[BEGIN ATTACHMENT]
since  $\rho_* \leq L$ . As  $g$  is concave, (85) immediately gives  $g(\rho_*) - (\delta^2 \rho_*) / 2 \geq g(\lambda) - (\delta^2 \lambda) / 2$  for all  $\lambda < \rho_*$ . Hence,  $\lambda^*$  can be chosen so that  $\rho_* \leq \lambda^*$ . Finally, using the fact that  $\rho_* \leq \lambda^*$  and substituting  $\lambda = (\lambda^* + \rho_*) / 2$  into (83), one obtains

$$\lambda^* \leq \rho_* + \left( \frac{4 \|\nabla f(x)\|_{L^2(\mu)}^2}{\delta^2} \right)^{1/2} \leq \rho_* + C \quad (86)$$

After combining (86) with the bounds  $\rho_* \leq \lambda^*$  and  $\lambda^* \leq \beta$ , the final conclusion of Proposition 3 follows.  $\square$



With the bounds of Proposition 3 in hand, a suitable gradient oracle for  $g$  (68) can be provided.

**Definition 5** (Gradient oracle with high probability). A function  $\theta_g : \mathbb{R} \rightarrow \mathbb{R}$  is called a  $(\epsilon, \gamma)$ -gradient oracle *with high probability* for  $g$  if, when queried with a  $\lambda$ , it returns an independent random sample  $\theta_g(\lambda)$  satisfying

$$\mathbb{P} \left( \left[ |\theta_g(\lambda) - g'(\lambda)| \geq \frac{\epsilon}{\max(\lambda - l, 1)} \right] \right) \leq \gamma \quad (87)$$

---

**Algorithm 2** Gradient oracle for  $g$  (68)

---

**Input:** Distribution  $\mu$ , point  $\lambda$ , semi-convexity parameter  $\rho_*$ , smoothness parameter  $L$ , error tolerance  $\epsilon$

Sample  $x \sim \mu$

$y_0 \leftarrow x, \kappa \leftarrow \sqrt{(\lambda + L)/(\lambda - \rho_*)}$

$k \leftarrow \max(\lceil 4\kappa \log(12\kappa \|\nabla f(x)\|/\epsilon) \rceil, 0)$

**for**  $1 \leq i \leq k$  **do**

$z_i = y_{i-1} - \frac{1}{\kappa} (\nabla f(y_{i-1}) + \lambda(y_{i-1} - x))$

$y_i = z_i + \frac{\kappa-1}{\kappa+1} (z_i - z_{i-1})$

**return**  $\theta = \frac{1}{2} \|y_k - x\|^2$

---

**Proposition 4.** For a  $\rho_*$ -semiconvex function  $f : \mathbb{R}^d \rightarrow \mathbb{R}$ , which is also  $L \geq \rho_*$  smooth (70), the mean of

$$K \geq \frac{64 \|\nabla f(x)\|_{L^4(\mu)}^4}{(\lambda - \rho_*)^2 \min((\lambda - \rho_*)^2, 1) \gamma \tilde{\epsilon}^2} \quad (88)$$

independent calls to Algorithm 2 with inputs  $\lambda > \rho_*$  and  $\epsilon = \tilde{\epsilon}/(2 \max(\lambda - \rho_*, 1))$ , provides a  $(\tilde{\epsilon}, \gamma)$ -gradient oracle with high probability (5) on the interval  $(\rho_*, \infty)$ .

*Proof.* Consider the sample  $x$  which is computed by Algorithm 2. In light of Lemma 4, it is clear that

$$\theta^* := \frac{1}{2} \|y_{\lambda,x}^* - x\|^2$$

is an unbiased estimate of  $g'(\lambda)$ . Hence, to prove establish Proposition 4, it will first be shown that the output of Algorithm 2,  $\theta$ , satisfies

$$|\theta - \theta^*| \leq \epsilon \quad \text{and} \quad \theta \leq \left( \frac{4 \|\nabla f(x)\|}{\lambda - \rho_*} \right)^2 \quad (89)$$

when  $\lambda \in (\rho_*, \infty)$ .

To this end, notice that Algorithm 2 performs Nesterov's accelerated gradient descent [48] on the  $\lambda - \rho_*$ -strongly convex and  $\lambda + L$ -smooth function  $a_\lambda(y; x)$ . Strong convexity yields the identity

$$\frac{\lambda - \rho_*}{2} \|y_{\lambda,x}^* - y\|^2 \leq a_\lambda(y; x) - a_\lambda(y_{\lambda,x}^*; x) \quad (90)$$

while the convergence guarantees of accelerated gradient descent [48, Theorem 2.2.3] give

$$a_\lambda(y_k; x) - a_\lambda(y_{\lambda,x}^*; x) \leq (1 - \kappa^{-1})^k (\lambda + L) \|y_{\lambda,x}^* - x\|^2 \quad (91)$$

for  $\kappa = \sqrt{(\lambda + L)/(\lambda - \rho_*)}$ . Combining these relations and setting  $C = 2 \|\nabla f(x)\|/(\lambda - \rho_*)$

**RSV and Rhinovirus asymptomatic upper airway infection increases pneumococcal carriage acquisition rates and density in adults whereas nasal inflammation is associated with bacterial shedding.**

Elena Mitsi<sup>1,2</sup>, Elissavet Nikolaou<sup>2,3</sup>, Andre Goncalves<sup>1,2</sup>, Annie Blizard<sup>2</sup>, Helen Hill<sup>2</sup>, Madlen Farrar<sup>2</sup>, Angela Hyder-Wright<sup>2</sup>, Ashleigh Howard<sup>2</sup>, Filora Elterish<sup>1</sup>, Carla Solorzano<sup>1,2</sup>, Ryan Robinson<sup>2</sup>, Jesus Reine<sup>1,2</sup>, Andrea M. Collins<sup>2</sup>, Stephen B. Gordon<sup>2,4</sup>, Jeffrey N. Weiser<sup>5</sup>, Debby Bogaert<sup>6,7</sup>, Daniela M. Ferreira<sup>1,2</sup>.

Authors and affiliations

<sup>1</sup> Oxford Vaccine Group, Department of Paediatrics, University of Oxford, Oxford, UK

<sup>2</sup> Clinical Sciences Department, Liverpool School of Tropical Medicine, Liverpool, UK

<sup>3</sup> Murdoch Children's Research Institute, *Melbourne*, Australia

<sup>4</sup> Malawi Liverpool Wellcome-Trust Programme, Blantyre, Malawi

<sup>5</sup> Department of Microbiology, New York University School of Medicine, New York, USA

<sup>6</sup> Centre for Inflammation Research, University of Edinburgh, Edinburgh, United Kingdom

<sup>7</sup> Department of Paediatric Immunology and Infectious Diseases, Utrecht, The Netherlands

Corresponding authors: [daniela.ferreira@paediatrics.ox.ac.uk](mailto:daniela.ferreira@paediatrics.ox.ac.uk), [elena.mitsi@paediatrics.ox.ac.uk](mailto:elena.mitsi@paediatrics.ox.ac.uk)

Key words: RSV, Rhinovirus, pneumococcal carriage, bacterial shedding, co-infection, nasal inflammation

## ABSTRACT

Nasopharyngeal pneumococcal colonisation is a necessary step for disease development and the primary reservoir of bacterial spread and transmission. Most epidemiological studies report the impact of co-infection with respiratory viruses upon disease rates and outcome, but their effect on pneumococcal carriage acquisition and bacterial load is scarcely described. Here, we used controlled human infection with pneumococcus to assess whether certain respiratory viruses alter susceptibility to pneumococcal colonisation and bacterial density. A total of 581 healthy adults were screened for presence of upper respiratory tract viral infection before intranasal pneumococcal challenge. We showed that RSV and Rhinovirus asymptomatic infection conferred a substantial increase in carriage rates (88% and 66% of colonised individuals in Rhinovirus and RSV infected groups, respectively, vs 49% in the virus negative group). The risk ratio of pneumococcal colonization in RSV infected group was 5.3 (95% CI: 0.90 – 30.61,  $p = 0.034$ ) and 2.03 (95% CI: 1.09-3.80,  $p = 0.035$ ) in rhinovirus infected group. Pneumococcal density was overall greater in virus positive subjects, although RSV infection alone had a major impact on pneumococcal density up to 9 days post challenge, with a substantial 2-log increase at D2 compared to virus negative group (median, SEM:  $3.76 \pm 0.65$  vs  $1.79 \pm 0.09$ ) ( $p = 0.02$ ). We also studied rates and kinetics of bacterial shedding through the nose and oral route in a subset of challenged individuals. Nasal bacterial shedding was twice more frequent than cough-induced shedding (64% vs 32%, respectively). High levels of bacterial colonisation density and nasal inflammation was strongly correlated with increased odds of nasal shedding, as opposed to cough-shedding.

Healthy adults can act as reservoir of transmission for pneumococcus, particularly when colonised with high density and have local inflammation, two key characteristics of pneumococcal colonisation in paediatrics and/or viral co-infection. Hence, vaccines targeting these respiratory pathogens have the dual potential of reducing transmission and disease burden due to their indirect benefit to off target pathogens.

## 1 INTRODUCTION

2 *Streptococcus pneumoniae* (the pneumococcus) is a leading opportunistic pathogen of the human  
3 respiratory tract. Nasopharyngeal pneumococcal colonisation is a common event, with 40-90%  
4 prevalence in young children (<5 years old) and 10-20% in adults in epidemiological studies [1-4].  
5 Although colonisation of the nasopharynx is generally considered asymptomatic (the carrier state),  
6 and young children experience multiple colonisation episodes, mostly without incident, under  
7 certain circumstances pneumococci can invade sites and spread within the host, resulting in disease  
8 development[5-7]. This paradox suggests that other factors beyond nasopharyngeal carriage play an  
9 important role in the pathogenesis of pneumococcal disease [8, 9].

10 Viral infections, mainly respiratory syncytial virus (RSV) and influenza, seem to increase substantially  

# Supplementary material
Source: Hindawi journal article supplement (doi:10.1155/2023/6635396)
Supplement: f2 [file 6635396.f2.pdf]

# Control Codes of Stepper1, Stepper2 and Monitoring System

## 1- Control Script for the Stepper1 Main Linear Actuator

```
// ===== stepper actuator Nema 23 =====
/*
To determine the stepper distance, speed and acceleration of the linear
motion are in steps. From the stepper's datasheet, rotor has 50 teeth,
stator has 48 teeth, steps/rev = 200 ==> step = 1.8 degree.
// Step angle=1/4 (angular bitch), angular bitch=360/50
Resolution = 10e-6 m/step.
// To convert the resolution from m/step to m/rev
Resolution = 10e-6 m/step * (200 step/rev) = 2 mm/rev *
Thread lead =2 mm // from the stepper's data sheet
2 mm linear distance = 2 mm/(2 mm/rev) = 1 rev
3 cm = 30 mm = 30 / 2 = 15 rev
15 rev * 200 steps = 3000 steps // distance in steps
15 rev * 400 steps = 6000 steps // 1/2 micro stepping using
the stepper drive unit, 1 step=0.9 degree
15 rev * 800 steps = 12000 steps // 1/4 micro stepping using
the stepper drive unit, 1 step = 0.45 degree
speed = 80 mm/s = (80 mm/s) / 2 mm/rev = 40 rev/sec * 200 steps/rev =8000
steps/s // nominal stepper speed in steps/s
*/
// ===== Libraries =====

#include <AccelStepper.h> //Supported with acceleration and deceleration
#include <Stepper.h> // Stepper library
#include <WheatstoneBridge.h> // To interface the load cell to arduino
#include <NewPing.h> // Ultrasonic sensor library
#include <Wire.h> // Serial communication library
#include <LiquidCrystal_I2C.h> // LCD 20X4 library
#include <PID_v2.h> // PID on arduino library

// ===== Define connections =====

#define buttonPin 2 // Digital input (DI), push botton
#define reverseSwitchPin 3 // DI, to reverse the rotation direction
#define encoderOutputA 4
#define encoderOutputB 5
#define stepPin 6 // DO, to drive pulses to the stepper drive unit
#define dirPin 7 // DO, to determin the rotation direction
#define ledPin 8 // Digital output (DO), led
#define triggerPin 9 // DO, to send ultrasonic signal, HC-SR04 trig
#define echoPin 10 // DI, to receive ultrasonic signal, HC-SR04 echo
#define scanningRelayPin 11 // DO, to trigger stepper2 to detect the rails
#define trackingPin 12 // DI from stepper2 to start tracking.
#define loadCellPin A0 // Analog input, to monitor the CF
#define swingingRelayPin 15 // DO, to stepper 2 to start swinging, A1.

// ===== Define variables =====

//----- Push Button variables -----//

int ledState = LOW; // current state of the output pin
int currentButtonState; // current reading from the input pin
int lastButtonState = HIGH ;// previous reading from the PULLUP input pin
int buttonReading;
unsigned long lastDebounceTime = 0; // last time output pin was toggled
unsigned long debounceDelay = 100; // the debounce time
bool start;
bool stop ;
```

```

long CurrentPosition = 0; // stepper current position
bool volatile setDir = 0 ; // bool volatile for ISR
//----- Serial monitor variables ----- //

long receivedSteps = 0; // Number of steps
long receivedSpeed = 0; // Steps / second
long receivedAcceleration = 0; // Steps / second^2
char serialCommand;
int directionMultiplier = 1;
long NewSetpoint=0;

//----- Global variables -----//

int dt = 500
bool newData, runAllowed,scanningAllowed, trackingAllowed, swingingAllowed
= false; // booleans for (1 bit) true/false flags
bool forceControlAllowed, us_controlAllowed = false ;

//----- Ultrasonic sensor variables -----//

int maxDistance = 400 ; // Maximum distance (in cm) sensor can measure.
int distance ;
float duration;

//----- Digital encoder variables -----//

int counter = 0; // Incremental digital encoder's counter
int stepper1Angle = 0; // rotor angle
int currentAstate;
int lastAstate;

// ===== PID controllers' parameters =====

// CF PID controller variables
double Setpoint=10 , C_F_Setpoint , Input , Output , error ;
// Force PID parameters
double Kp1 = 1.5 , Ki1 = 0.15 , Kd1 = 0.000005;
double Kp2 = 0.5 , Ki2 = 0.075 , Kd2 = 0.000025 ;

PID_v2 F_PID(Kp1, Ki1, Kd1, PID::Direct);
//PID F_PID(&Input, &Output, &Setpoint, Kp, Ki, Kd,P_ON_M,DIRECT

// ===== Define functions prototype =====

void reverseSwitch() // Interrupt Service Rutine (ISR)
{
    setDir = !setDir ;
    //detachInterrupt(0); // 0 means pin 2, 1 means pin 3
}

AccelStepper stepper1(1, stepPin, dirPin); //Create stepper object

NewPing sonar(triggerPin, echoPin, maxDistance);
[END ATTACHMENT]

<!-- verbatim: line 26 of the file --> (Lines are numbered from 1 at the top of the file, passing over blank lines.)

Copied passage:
when  $\lambda \in (\rho_*, \infty)$ .